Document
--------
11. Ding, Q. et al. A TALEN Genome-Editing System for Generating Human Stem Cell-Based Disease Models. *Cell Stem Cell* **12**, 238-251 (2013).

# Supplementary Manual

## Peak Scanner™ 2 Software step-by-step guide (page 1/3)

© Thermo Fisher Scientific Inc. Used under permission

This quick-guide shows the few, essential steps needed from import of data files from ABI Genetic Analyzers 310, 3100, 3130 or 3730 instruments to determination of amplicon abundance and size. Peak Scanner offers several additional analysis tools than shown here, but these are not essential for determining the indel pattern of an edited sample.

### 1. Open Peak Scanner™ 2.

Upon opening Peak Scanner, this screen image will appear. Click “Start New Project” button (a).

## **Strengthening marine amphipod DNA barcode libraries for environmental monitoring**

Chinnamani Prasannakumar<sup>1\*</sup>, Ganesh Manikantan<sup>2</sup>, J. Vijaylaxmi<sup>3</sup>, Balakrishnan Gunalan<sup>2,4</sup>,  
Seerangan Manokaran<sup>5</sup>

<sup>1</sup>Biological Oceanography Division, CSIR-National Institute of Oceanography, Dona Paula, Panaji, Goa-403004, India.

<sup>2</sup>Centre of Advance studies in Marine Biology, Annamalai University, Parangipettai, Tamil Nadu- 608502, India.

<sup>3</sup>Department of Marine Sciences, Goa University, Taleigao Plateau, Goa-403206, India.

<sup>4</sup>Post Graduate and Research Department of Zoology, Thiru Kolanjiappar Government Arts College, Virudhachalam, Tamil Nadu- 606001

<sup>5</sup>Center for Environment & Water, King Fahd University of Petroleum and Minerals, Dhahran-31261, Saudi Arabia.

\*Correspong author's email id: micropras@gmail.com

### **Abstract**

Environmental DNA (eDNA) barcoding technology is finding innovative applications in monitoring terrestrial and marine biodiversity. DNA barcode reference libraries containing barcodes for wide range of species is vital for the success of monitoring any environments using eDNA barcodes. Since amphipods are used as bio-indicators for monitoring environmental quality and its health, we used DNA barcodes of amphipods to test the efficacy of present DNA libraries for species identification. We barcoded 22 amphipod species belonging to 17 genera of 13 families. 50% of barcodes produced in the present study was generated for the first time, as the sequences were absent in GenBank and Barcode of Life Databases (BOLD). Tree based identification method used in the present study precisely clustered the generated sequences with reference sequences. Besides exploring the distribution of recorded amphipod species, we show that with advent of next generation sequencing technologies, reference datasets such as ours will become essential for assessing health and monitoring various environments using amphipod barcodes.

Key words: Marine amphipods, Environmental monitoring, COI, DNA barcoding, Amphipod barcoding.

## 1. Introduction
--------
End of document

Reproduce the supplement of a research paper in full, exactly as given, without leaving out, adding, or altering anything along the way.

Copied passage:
11. Ding, Q. et al. A TALEN Genome-Editing System for Generating Human Stem Cell-Based Disease Models. *Cell Stem Cell* **12**, 238-251 (2013).

# Supplementary Manual

## Peak Scanner™ 2 Software step-by-step guide (page 1/3)

© Thermo Fisher Scientific Inc. Used under permission

This quick-guide shows the few, essential steps needed from import of data files from ABI Genetic Analyzers 310, 3100, 3130 or 3730 instruments to determination of amplicon abundance and size. Peak Scanner offers several additional analysis tools than shown here, but these are not essential for determining the indel pattern of an edited sample.

### 1. Open Peak Scanner™ 2.

Upon opening Peak Scanner, this screen image will appear. Click “Start New Project” button (a).

## **Strengthening marine amphipod DNA barcode libraries for environmental monitoring**

Chinnamani Prasannakumar<sup>1\*</sup>, Ganesh Manikantan<sup>2</sup>, J. Vijaylaxmi<sup>3</sup>, Balakrishnan Gunalan<sup>2,4</sup>,  
Seerangan Manokaran<sup>5</sup>

<sup>1</sup>Biological Oceanography Division, CSIR-National Institute of Oceanography, Dona Paula, Panaji, Goa-403004, India.

<sup>2</sup>Centre of Advance studies in Marine Biology, Annamalai University, Parangipettai, Tamil Nadu- 608502, India.

<sup>3</sup>Department of Marine Sciences, Goa University, Taleigao Plateau, Goa-403206, India.

<sup>4</sup>Post Graduate and Research Department of Zoology, Thiru Kolanjiappar Government Arts College, Virudhachalam, Tamil Nadu- 606001

<sup>5</sup>Center for Environment & Water, King Fahd University of Petroleum and Minerals, Dhahran-31261, Saudi Arabia.

\*Correspong author's email id: micropras@gmail.com

### **Abstract**

Environmental DNA (eDNA) barcoding technology is finding innovative applications in monitoring terrestrial and marine biodiversity. DNA barcode reference libraries containing barcodes for wide range of species is vital for the success of monitoring any environments using eDNA barcodes. Since amphipods are used as bio-indicators for monitoring environmental quality and its health, we used DNA barcodes of amphipods to test the efficacy of present DNA libraries for species identification. We barcoded 22 amphipod species belonging to 17 genera of 13 families. 50% of barcodes produced in the present study was generated for the first time, as the sequences were absent in GenBank and Barcode of Life Databases (BOLD). Tree based identification method used in the present study precisely clustered the generated sequences with reference sequences. Besides exploring the distribution of recorded amphipod species, we show that with advent of next generation sequencing technologies, reference datasets such as ours will become essential for assessing health and monitoring various environments using amphipod barcodes.

Key words: Marine amphipods, Environmental monitoring, COI, DNA barcoding, Amphipod barcoding.

## 1. Introduction